DOJ, states sue Google over digital ad dominance
The Department of Justice (DOJ) and a handful of states sued Google over the tech giant’s dominance in the digital ad space, according to a complaint filed Tuesday.
The case is the second antitrust lawsuit the DOJ has filed against Google, adding to the mounting legal battles from state and federal antitrust enforcers targeting the Silicon Valley giant.
The suit was filed along with Virginia, California, Colorado, Connecticut, New Jersey, New York, Rhode Island and Tennessee.
“One industry behemoth, Google, has corrupted legitimate competition in the ad tech industry by engaging in a systematic campaign to seize control of the wide swath of high-tech tools used by publishers, advertisers, and brokers, to facilitate digital advertising. Having inserted itself into all aspects of the digital advertising marketplace, Google has used anticompetitive, exclusionary, and unlawful means to eliminate or severely diminish any threat to its dominance over digital advertising technologies,” the complaint states.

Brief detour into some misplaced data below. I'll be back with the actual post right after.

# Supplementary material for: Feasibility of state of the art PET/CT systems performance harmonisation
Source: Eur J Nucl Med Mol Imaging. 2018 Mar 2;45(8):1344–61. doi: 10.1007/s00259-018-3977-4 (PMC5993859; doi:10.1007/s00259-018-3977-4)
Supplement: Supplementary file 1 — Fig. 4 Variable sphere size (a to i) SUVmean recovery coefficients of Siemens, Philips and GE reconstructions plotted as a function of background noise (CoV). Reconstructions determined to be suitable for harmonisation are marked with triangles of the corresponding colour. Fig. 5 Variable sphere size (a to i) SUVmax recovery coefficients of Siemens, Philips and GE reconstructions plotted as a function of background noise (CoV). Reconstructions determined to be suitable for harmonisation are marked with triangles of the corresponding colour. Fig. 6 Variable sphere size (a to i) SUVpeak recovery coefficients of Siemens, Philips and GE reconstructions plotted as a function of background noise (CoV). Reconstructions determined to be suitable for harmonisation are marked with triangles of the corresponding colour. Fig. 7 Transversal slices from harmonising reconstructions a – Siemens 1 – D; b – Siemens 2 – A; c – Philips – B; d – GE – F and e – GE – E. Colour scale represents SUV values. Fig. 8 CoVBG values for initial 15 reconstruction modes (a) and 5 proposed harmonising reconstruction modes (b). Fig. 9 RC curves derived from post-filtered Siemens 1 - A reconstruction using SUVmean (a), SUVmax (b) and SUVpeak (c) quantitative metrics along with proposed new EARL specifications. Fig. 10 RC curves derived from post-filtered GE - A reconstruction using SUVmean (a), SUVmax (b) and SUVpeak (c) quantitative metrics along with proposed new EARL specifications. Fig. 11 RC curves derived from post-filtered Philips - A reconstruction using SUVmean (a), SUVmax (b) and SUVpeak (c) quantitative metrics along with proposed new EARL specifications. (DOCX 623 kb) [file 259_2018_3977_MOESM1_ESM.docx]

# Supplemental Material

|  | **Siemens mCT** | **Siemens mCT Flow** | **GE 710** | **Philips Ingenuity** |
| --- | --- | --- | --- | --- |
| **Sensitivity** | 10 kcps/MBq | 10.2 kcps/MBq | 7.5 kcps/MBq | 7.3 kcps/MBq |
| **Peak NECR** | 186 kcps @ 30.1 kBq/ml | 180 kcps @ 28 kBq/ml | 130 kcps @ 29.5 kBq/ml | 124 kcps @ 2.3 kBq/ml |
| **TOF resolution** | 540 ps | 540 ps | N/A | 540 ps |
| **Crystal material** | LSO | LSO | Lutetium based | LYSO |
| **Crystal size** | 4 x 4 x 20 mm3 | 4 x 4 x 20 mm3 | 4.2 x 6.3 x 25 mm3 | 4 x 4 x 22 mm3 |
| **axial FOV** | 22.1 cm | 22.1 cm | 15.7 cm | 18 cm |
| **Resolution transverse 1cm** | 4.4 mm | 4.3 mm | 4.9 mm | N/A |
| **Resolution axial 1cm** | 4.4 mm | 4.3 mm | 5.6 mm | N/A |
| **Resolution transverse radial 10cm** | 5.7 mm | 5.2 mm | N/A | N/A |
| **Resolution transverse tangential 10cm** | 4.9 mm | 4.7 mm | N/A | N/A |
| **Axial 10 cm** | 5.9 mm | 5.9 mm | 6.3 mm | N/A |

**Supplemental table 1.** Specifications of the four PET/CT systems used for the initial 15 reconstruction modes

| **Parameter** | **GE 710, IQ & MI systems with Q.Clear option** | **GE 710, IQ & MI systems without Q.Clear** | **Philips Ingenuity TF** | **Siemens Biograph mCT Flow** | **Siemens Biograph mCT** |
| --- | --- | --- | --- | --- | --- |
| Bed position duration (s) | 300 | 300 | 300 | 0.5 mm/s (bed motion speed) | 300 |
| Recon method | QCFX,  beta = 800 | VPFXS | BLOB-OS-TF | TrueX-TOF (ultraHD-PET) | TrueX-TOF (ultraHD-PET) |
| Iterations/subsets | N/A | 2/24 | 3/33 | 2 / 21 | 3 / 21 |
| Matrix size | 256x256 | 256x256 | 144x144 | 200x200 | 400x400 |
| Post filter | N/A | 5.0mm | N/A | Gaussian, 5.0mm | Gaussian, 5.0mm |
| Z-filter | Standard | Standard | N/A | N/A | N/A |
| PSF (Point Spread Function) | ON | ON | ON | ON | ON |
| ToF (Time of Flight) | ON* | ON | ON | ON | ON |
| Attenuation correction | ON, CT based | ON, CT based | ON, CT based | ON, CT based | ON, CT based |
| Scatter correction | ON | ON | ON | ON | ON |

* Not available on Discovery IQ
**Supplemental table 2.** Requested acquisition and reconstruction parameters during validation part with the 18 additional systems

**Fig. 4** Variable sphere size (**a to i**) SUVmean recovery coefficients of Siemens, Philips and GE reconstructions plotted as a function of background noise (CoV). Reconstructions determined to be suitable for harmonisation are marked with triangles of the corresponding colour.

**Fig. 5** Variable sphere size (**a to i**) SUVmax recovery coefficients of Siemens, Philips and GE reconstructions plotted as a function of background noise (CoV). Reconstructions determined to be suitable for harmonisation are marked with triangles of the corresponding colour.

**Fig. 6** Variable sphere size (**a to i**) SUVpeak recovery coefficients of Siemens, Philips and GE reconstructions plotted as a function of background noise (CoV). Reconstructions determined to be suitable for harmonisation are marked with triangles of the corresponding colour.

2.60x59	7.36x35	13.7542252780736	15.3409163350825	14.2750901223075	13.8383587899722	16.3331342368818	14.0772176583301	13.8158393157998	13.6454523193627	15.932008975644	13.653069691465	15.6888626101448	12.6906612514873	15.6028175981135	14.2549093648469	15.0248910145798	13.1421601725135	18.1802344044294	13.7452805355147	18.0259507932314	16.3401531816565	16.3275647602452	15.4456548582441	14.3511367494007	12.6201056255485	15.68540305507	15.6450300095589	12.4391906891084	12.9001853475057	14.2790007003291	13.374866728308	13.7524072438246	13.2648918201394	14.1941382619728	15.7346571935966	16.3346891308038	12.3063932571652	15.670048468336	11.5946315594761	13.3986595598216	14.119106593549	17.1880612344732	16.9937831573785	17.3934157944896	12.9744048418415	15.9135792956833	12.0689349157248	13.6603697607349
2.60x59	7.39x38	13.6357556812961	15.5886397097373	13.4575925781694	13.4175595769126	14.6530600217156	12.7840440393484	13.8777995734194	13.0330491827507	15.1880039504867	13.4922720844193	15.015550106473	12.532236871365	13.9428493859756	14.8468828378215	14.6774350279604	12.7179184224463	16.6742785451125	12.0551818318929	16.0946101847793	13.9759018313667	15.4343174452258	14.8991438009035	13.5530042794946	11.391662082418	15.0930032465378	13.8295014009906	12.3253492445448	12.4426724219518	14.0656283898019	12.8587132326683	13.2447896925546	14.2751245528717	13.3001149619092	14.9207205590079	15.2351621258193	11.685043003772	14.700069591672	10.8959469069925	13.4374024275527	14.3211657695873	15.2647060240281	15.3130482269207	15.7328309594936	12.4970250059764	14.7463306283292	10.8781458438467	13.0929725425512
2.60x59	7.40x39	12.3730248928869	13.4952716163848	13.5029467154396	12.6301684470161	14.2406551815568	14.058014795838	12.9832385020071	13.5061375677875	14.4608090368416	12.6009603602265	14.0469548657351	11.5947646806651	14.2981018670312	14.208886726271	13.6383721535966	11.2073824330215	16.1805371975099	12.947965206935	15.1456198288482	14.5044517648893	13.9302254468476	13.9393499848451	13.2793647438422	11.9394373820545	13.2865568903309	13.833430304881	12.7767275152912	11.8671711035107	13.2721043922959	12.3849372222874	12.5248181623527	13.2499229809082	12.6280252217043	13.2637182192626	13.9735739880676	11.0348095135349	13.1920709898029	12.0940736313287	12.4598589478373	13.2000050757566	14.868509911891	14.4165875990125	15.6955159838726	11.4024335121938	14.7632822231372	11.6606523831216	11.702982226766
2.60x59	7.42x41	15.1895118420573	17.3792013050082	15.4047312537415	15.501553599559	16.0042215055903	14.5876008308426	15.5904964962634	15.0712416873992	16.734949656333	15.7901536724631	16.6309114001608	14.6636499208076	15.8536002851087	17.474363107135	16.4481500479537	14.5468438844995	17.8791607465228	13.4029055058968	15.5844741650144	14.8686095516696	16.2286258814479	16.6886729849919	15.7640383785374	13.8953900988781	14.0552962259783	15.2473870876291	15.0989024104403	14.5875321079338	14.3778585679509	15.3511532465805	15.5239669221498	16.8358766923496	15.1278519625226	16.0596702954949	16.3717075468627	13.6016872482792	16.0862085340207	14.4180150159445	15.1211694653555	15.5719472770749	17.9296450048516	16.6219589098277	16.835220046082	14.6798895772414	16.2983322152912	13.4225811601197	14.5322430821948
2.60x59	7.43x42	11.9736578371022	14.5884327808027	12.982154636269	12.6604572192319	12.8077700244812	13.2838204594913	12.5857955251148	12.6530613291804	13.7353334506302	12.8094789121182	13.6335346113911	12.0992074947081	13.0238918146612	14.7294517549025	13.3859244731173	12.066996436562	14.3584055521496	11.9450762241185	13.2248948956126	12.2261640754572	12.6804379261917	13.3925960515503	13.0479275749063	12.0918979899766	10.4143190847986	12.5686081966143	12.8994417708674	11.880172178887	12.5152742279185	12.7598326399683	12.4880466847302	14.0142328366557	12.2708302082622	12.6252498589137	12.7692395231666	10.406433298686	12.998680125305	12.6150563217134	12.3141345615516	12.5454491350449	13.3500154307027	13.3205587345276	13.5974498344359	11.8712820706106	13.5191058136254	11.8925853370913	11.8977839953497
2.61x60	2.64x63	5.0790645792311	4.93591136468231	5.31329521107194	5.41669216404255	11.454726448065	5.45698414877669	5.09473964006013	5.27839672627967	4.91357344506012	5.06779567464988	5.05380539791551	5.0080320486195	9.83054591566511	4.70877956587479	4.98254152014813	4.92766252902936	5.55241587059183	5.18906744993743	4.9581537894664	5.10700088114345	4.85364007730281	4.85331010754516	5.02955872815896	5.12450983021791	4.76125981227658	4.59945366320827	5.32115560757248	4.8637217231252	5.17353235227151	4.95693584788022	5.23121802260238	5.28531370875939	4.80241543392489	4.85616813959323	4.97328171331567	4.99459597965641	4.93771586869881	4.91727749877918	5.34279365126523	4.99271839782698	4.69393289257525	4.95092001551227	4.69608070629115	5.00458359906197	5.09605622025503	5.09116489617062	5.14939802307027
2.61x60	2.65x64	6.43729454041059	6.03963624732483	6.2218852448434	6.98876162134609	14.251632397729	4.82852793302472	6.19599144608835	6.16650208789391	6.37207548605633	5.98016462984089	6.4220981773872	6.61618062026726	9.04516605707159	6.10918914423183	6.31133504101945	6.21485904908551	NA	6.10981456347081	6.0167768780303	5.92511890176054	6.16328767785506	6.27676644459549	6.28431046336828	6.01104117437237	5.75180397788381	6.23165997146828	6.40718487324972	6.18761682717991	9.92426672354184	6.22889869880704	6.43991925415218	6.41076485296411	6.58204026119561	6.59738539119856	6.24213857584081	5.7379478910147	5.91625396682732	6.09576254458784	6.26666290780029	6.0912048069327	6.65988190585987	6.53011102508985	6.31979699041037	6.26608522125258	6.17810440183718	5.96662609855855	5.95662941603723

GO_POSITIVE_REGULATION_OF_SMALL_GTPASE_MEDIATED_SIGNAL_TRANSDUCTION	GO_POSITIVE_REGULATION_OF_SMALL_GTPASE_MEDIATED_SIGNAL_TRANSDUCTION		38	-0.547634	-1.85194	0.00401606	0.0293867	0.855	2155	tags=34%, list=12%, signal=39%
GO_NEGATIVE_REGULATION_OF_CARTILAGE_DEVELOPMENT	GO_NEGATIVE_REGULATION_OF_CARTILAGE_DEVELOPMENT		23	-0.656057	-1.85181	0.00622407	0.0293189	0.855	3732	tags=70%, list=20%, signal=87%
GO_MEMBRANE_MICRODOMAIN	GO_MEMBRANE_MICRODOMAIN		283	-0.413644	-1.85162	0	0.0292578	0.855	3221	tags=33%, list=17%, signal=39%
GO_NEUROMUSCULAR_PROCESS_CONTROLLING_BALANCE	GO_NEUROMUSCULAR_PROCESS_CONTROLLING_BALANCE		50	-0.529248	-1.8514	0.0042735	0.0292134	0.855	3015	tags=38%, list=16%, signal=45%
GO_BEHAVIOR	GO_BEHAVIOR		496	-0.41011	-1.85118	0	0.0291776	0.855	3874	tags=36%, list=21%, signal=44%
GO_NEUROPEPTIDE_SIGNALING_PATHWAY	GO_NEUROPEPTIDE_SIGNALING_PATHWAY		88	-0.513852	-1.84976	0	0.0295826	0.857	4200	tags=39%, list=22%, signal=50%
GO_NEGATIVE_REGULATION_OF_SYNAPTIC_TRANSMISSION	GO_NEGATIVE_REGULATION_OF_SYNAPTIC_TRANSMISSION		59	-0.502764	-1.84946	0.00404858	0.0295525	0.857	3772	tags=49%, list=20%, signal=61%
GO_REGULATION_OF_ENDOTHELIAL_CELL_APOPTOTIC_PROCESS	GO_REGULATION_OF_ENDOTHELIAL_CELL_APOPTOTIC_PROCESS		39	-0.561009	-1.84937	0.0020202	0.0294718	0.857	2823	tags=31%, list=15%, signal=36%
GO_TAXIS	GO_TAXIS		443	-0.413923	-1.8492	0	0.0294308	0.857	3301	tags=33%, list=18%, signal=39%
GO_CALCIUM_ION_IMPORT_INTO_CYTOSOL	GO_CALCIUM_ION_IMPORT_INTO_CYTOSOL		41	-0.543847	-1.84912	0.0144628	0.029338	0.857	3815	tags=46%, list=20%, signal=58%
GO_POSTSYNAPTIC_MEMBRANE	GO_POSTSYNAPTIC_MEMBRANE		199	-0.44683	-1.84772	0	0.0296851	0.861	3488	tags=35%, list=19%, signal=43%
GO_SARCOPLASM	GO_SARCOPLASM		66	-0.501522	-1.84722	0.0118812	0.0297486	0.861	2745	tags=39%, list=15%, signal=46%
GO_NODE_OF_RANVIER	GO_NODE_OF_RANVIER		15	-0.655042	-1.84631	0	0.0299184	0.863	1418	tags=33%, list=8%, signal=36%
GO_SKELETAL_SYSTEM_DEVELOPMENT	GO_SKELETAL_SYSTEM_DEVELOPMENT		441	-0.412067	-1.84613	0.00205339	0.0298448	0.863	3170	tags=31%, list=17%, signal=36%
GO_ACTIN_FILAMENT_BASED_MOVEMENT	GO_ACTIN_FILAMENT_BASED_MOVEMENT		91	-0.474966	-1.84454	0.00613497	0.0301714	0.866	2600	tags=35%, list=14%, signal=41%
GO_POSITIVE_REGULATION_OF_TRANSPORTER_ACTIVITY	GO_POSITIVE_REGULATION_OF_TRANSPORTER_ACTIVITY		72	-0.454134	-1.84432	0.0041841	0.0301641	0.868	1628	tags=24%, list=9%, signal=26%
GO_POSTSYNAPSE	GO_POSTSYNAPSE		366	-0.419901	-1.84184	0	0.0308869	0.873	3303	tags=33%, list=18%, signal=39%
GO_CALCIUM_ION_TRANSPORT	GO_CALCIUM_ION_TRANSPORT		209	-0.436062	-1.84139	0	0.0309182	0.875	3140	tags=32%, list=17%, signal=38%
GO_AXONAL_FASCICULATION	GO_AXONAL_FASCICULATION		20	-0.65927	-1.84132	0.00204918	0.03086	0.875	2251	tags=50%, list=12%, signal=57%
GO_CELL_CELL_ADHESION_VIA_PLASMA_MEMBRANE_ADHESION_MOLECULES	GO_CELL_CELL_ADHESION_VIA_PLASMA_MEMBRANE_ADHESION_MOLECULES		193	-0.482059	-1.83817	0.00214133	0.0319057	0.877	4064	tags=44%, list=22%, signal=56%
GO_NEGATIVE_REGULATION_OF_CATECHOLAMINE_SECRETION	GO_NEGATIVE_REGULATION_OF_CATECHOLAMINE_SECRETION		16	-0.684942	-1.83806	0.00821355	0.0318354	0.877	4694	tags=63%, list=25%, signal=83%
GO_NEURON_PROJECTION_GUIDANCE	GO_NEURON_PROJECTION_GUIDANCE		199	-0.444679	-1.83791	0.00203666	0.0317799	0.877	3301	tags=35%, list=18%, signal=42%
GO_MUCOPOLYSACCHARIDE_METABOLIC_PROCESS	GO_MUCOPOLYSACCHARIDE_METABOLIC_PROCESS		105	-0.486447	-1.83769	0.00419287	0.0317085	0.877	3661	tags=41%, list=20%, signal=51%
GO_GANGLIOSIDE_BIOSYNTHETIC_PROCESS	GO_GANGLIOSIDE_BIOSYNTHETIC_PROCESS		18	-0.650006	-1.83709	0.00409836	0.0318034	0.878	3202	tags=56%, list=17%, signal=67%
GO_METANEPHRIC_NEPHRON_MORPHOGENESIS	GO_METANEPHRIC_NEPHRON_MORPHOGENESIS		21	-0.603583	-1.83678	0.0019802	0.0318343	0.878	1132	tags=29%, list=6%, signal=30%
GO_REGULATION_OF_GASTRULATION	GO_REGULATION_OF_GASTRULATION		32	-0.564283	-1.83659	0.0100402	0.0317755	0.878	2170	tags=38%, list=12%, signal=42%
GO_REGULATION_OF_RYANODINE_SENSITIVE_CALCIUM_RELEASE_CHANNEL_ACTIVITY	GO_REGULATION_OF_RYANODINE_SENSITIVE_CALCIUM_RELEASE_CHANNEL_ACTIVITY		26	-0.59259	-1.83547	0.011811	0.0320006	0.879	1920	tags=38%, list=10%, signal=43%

The Hill reached out to Google for comment.
In the complaint, the DOJ and states said Google’s plan has been “simple but effective” — alleging the company has eliminated ad tech competitors through acquisitions, and wielded its dominance to “force more publishers and advertisers” to use its products while “disrupting their ability to use competing products effectively.”
Updated at 12:53 p.m.
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